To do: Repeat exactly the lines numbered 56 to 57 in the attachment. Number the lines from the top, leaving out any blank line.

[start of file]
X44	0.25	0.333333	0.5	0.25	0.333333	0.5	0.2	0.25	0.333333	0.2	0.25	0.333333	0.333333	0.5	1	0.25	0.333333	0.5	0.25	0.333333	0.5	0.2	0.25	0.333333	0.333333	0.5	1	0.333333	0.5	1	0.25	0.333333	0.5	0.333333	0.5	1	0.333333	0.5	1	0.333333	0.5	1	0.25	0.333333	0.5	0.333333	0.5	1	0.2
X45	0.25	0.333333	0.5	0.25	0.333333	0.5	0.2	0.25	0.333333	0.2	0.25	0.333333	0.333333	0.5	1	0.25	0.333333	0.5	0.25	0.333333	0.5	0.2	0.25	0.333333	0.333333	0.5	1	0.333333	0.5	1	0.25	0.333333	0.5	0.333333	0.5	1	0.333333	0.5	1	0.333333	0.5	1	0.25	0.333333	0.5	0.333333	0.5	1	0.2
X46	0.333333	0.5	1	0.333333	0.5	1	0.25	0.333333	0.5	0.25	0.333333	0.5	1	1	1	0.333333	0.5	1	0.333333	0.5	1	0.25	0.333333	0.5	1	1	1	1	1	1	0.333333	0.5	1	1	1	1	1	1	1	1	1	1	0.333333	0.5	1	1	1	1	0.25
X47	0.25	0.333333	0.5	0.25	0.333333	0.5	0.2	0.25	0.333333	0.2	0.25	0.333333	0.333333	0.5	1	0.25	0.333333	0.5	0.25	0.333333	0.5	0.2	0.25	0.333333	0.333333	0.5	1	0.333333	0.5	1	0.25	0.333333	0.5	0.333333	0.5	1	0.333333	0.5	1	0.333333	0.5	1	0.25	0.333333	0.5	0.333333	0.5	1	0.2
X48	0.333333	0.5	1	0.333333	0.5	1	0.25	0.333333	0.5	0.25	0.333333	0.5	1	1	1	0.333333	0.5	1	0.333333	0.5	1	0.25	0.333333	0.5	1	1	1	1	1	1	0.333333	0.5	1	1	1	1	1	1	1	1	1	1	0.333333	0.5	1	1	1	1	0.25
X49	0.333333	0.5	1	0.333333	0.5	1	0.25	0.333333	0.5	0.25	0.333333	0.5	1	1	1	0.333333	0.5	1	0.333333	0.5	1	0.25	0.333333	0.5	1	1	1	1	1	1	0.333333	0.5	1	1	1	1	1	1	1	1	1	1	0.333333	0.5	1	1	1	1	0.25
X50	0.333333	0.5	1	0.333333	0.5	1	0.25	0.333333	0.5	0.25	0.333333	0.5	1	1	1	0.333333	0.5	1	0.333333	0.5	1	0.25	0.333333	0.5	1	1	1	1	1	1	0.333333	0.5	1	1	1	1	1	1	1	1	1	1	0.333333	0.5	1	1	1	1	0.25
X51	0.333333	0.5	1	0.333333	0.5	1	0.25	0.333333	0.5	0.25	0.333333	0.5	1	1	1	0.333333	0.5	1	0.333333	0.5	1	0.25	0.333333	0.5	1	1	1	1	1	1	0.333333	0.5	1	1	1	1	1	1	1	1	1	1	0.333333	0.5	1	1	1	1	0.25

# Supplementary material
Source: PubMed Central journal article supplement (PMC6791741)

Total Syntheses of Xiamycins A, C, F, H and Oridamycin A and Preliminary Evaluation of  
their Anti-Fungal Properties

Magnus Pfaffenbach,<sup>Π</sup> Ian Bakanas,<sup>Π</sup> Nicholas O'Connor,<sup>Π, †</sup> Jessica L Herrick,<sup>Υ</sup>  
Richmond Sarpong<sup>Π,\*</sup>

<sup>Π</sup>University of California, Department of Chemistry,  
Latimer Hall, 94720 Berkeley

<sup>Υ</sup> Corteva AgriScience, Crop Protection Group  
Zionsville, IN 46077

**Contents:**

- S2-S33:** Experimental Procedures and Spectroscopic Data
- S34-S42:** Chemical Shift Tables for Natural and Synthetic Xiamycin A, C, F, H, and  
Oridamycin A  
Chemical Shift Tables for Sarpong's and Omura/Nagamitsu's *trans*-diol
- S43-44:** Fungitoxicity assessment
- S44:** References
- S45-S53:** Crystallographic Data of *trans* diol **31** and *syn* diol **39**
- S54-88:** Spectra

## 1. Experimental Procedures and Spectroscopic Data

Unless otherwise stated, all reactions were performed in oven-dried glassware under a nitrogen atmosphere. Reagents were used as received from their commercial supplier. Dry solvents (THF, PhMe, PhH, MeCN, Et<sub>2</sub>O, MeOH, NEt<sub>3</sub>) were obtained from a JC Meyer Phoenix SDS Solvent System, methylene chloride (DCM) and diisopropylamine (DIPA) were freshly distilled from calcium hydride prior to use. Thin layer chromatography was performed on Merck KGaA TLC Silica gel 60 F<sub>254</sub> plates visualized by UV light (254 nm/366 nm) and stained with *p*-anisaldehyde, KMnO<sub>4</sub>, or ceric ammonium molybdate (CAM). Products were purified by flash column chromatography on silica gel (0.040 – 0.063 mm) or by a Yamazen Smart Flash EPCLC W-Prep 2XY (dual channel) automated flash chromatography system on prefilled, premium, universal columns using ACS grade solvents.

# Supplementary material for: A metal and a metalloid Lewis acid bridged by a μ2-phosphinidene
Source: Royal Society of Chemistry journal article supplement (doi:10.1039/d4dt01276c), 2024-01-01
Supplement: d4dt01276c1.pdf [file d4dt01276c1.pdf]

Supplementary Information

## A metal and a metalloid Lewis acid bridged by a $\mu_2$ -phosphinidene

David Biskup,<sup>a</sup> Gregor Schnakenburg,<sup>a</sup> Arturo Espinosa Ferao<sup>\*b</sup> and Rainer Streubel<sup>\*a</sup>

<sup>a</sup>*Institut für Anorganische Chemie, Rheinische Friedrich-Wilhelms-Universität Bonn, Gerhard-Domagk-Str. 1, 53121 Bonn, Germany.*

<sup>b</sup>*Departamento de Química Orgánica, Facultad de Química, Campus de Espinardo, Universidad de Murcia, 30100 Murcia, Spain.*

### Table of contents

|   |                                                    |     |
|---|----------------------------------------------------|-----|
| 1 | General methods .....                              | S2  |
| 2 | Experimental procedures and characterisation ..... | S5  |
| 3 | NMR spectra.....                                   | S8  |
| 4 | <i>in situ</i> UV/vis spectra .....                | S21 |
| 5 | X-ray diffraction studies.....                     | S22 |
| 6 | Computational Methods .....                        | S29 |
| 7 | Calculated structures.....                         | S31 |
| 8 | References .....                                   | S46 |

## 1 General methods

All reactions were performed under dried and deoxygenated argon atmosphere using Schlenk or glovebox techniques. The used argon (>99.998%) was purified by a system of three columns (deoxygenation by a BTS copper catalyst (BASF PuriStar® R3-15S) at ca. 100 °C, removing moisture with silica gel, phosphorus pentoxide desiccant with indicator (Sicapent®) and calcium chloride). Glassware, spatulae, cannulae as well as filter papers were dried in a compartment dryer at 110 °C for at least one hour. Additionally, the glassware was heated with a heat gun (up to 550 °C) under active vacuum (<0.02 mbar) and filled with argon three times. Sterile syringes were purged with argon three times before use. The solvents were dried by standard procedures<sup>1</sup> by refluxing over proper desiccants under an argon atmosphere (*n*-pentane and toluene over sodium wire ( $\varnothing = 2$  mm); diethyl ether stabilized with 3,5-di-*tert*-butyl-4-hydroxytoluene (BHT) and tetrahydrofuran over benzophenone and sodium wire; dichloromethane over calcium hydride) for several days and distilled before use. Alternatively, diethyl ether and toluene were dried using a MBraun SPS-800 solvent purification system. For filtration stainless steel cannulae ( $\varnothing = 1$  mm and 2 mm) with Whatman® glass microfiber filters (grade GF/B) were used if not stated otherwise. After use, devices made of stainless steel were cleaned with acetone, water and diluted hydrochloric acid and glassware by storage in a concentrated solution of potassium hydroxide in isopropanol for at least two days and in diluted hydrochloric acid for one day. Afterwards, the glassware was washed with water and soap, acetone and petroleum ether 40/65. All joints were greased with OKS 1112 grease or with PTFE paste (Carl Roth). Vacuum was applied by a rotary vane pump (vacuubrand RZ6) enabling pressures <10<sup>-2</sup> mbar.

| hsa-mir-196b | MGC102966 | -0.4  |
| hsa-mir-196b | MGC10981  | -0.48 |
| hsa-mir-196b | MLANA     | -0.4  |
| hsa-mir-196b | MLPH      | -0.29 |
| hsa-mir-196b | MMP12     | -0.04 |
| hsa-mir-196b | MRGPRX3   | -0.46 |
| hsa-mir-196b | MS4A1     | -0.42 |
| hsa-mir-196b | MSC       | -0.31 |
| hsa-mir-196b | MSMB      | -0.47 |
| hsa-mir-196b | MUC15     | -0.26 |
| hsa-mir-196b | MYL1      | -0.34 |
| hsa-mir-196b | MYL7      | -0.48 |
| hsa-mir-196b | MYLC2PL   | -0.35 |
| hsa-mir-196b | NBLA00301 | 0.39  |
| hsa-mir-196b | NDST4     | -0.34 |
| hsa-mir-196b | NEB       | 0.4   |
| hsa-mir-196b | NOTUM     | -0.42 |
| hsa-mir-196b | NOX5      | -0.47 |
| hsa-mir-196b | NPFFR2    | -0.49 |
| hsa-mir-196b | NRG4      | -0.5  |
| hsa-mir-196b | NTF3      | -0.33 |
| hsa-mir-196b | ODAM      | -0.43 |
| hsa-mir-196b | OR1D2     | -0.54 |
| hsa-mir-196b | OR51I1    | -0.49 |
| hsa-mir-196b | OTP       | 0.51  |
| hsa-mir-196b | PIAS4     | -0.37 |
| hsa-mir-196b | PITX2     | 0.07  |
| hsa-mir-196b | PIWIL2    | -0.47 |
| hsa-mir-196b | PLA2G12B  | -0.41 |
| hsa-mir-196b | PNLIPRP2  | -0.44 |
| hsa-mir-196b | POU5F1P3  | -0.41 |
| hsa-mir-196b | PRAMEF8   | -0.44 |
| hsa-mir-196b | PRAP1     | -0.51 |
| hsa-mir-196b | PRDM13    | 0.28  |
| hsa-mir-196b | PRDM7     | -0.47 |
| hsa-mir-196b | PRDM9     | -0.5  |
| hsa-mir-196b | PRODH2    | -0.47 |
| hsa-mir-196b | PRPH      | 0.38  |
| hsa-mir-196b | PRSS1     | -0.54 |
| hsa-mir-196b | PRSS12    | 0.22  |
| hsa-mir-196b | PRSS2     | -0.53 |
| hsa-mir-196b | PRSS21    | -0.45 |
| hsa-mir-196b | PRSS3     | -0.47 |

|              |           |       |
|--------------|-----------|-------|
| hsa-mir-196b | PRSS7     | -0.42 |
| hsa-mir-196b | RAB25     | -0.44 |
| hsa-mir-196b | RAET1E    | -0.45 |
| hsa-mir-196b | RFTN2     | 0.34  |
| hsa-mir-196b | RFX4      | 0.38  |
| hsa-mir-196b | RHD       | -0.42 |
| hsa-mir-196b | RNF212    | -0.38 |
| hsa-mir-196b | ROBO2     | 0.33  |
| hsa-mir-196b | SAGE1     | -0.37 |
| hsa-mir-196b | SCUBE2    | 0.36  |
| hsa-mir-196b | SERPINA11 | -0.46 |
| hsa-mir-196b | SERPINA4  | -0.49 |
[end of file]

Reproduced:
| hsa-mir-196b | MRGPRX3   | -0.46 |
| hsa-mir-196b | MS4A1     | -0.42 |